Focus Area—Canadian Economics

Tepid recovery in consumer confidence

(index, 2014 = 100)

10 2008 09 11 12 13 14 15 16 17 18 19 20 40 60 80 100 120 140

The survey dates were from May 1 to May 11, 2020.
Source: The Conference Board of Canada.

May 8, 2020

Canada lost nearly 2 million jobs in April during the peak of the COVID-19 economic impact. This brings total job losses since February to 3 million, close to our late March forecast of 2.8 million. In all, employment has fallen 15.6 per cent since February. We expect the worst of the job losses are behind us and the labour market will slowly recover as restrictions are eased.

While it’s troubling that job losses are concentrated in low wage industries, the CERB is a good income support for workers in these jobs. In all, the latest job report suggests that government programs have helped stem job losses in the country, which should foster optimism as we head into the recovery phase.

Focus Area—Canadian Economics

Employment

(monthly change)

–1,946,000
11.0%

Unemployment

13.0%
5.2 points

Source: Statistics Canada, Table 14-10-0278-01.

April 20, 2020

The Index of Consumer Confidence fell by 41.0 points in April—a record decline and a record low. Canadians are especially worried about the future. Nationally, 36.1 per cent of respondents expect their finances to worsen over the next six months. With little optimism about the future, Canadians are unwilling to make a major purchase. Over three-quarters of respondents think now is a bad time to make a major purchase—more than 20 percentage points above the previous record.

Overall, this month’s results reflect the speed and depth of Canada’s economic slowdown. The sharp plunge in consumer confidence supports our view that economic growth in the second quarter of 2020 will be the worst we have seen in the past 60 years.

Focus Area—Canadian Economics

Consumer confidence plummets to record low

(index, 2014 = 100)

2006 08 10 12 14 16 18 20 40 60 80 100 120 140

Source: The Conference Board of Canada.

April 9, 2020

In the first wave of COVID-19 related job losses, Canada lost over one million jobs in March. This was the largest monthly employment decline ever and we expect even more job losses in April as the full impact of mandatory closures and physical distancing measures are reflected in the data. The initial job losses were concentrated in accommodations, food service, retail trade and cultural industries. April is likely to show a broader decline as more businesses scale back due to mandatory closures and reduced demand.

Focus Area—Canadian Economics

Employment

(monthly change)

–1,011,000
5.3%

Unemployment

7.8%
2.2 points

Source: Statistics Canada, Table 14-10-0278-01.

April 6, 2020

Canada will suffer record job losses in March and April—with lower-wage workers taking the brunt of the hit. The situation is causing us to reassess the economic impact of COVID-19 on the national and regional economies.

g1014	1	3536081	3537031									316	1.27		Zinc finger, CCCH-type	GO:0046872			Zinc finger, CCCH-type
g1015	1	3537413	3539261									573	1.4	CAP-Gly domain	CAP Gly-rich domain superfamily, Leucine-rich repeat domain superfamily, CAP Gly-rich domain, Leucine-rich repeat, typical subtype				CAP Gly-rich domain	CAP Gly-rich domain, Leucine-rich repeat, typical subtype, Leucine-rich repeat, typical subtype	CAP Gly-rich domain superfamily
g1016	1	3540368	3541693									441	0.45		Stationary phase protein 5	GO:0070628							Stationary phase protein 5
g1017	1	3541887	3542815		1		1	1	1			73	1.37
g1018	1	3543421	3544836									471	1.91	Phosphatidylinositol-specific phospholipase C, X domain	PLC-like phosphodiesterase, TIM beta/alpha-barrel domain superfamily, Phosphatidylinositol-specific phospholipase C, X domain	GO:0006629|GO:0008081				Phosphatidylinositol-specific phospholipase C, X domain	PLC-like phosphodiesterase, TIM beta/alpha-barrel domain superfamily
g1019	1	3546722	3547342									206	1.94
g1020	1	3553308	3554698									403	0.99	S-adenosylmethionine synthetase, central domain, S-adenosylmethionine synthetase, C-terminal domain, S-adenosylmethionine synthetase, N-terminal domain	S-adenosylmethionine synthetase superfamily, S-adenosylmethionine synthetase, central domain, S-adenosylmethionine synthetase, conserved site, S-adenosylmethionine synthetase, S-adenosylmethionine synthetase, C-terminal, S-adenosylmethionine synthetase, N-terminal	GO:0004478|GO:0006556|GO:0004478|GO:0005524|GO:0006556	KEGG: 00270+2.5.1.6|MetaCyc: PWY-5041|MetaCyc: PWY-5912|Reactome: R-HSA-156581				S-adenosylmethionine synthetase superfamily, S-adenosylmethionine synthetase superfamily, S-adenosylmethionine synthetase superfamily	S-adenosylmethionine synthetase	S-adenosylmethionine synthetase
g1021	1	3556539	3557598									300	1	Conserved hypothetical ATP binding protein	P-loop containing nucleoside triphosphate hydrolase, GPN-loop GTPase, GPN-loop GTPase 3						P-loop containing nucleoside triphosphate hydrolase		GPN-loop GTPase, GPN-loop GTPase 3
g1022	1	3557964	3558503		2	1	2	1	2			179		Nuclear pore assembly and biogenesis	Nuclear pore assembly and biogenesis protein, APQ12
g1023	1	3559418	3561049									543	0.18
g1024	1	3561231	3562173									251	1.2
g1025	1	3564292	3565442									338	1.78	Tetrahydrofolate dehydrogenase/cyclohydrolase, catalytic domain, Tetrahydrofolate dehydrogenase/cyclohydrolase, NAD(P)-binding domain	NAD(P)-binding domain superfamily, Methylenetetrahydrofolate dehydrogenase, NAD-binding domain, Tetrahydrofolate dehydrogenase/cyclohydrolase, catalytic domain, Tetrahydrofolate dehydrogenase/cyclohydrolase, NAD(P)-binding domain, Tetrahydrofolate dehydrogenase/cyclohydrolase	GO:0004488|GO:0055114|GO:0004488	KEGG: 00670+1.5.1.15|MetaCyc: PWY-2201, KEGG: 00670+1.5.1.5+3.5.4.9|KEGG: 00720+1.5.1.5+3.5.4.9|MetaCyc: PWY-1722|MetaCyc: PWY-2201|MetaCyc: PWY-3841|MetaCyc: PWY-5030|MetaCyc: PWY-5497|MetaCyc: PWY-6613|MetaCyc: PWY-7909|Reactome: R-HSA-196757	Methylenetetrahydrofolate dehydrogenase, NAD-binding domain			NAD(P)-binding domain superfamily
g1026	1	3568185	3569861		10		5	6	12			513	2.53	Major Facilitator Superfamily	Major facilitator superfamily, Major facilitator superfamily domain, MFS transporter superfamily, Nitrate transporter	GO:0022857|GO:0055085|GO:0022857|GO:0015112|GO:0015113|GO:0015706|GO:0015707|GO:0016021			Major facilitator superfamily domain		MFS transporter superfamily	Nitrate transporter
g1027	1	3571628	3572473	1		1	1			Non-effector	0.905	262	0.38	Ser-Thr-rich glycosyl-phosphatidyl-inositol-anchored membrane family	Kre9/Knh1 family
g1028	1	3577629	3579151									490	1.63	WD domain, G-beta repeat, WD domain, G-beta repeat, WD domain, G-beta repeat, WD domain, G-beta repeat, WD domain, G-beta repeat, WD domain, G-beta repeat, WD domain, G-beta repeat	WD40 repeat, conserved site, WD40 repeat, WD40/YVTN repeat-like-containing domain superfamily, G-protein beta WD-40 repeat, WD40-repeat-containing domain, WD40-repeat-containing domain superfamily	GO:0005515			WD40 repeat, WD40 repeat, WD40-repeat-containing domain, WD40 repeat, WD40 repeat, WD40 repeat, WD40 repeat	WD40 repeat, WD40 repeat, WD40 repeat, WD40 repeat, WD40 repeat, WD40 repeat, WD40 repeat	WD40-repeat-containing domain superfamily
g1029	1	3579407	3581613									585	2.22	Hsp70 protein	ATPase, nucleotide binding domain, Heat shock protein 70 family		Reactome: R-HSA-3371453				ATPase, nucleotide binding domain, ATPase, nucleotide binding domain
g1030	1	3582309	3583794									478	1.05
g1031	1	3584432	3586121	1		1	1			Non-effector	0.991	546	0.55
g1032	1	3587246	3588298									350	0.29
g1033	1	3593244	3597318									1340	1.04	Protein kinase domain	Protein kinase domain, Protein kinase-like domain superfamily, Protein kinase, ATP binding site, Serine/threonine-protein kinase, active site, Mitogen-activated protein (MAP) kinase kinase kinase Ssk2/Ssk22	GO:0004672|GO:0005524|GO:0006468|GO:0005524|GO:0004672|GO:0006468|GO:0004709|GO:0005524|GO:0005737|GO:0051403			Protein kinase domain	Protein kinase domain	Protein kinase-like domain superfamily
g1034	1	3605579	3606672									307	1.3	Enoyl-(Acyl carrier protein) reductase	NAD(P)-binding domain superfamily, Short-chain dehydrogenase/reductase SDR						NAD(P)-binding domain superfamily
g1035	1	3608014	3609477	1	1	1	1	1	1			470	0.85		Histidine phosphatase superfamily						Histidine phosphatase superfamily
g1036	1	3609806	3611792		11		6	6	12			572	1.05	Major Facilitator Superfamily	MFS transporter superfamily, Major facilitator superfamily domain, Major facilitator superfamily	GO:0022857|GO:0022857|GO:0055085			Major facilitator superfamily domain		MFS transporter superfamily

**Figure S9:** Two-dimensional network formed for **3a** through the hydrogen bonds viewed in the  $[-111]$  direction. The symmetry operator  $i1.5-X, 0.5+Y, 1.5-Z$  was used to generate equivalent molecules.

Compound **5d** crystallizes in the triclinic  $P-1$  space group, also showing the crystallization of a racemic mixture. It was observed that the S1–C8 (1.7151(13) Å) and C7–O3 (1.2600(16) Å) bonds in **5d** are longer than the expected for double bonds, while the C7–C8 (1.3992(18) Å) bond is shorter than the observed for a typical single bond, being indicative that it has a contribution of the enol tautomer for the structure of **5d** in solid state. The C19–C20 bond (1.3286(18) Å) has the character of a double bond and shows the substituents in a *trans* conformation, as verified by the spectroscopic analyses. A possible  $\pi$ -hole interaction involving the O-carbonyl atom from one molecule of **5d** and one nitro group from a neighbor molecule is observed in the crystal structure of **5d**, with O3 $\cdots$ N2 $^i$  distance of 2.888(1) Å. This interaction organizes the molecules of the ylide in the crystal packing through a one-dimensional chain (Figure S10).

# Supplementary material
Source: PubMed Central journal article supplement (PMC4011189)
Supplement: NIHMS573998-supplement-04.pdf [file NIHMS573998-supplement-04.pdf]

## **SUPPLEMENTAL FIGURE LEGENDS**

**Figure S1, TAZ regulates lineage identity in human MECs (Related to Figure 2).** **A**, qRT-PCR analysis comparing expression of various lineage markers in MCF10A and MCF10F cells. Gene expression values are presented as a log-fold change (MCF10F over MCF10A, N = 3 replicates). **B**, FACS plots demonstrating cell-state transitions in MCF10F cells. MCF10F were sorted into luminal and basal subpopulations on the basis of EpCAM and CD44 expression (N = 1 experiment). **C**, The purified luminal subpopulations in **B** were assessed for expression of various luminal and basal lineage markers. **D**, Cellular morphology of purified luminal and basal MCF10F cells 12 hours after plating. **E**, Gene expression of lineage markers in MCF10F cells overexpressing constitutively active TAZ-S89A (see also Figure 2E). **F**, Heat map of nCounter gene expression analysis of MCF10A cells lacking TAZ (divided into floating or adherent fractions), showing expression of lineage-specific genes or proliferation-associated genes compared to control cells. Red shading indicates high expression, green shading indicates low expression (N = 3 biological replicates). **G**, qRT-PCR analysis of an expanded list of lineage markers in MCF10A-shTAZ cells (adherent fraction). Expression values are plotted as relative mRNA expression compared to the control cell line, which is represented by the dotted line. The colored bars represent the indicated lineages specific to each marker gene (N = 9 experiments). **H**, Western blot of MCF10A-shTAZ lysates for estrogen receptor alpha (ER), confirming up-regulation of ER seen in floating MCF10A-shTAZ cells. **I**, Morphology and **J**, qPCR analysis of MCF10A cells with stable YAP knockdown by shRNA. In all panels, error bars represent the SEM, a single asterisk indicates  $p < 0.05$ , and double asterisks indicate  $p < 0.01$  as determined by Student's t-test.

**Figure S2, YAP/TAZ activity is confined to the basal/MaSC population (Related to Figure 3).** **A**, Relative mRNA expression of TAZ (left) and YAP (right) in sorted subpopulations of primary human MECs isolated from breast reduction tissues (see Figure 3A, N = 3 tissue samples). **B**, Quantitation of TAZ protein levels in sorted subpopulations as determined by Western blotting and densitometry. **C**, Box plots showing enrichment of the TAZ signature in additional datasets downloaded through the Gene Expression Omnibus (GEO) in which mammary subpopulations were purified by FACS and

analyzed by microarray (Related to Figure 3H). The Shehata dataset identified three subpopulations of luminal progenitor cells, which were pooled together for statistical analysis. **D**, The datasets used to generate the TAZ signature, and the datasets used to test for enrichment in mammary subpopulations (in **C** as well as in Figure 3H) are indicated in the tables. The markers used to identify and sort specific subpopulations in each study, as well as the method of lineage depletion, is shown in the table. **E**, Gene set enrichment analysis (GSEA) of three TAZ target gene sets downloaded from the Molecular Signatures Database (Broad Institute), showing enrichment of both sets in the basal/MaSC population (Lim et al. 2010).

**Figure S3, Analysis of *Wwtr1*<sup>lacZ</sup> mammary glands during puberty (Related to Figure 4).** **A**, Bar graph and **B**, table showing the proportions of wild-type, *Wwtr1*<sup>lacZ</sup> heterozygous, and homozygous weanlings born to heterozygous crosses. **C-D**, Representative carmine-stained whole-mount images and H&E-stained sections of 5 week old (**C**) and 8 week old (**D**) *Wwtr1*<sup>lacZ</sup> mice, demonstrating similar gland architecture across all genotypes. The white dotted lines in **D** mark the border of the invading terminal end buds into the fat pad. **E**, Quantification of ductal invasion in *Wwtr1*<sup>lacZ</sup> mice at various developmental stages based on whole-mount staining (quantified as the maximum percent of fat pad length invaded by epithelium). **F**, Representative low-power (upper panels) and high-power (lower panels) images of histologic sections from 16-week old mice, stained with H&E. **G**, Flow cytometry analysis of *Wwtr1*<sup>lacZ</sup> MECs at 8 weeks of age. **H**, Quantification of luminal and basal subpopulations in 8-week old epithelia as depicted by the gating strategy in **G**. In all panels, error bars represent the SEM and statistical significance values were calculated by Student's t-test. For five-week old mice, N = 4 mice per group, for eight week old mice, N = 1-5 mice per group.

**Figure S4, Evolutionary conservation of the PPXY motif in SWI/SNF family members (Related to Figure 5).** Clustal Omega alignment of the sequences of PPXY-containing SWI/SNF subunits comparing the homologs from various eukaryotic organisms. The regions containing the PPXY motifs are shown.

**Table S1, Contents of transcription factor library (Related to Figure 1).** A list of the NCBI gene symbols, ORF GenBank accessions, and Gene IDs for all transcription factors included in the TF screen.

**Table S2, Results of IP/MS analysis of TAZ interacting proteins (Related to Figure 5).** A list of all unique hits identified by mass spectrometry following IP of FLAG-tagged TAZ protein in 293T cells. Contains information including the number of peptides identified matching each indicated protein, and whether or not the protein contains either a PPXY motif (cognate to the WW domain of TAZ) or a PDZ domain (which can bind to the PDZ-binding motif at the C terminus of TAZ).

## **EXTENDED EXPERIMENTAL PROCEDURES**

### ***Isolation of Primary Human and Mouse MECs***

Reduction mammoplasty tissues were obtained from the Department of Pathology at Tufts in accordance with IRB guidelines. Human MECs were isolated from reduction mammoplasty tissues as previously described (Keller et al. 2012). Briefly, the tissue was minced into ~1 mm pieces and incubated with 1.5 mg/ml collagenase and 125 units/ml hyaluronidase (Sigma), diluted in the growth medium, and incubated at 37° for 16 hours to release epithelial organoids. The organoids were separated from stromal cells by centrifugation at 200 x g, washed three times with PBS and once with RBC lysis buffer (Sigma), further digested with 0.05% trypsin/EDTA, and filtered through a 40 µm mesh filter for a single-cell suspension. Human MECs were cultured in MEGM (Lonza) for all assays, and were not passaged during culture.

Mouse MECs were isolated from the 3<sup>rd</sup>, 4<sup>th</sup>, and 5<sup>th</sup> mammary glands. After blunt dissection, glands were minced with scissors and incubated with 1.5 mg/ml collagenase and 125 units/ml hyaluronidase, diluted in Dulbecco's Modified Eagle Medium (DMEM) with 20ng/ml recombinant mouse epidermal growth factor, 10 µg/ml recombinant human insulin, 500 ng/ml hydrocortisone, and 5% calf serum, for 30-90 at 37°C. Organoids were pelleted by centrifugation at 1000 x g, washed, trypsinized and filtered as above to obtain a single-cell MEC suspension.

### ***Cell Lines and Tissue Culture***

Shutting down most, if not all, non-essential services across Canada could lead to an estimated cumulative loss of 2.8 million jobs in March and April—nearly 15 per cent of total employment. These estimates are supported by the number of employment insurance claims, which have topped 2 million over the last few weeks.

Focus Area—Canadian Economics

20 sectors forecast to be most affected by job losses

  Job losses Average weekly wage
Full- and limited-service eating places 444,338 381.01
Other amusement & recreation industries 160,050 476.12
Personal care services 137,100 524.60
Traveller accommodation 129,120 593.09
Clothing stores 100,970 449.47
Residental building construction 73,160 1,080.42
Automobile dealers 70,920 1,132.10
Motion picture & video industries 60,000 1,017.92
Independent artists, writers, & performers 60,000 1,067.69
Depository credit intermediation 57,375 1,228.97
Services to buildings & dwellings 57,300 676.57
Other schools & instruction 55,200 499.01
Health & personal care stores 41,300 659.07
Motor vehicle parts manufacturing 40,200 1,073.57
Scheduled air transportation 40,000 1,216.84
Building equipment contractors 35,830 1,301.85
Building material & supplies dealers 33,633 729.06
Other miscellaneous store retailers 33,510 562.33
Performing arts companies 33,320 731.79
Taxi & limousine service 33,250 595.36

Sources: The Conference Board of Canada; Statistics Canada, Table 14-10-0204-01.

March 23, 2020

In this alternate scenario (of the Canadian Outlook: Spring 2020), we assume the travel bans and social distancing measures now in effect will continue until the end of August, both in Canada and the United States. The result is a much deeper and longer-lasting hit to Canadian economic activity—real GDP is forecast to fall by 1.1 per cent in 2020, instead of growing 0.3 per cent as in our baseline forecast.

In this scenario, the economy sheds over 330,000 jobs over the second and third quarters of 2020, boosting the unemployment rate to 7.7 per cent. Industries servicing tourism, household services, and resource sector construction will be hit hard. Many of them will suffer double-digit declines in the second and third quarters.

Focus Area—Canadian Economics

Hit to real GDP would be deeper and longer

(real GDP, 2012 $ trillions)

2016 17 18 19f 20f 21f 1.90 1.95 2.00 2.05 2.10 2.15 2.20 Alternate Baseline

f = forecast
Sources: Statistics Canada; The Conference Board of Canada.

March 18, 2020

The Index of Consumer Confidence fell 32.0 points in March, the largest monthly decline ever.

Canadians are anxious about the coronavirus. This has implications for Canada’s economy given that consumers have been the main engine of economic growth. With people being encouraged to self-isolate, large gatherings being mostly cancelled, and tourism activity drying up, many Canadians are staying home, which will have a profound impact on economic growth.

There were no positives in this month’s survey—every region saw a double-digit decline in confidence and every question saw a significant weakening in responses.

Focus Area—Canadian Economics

Index of consumer confidence

(2004 = 100)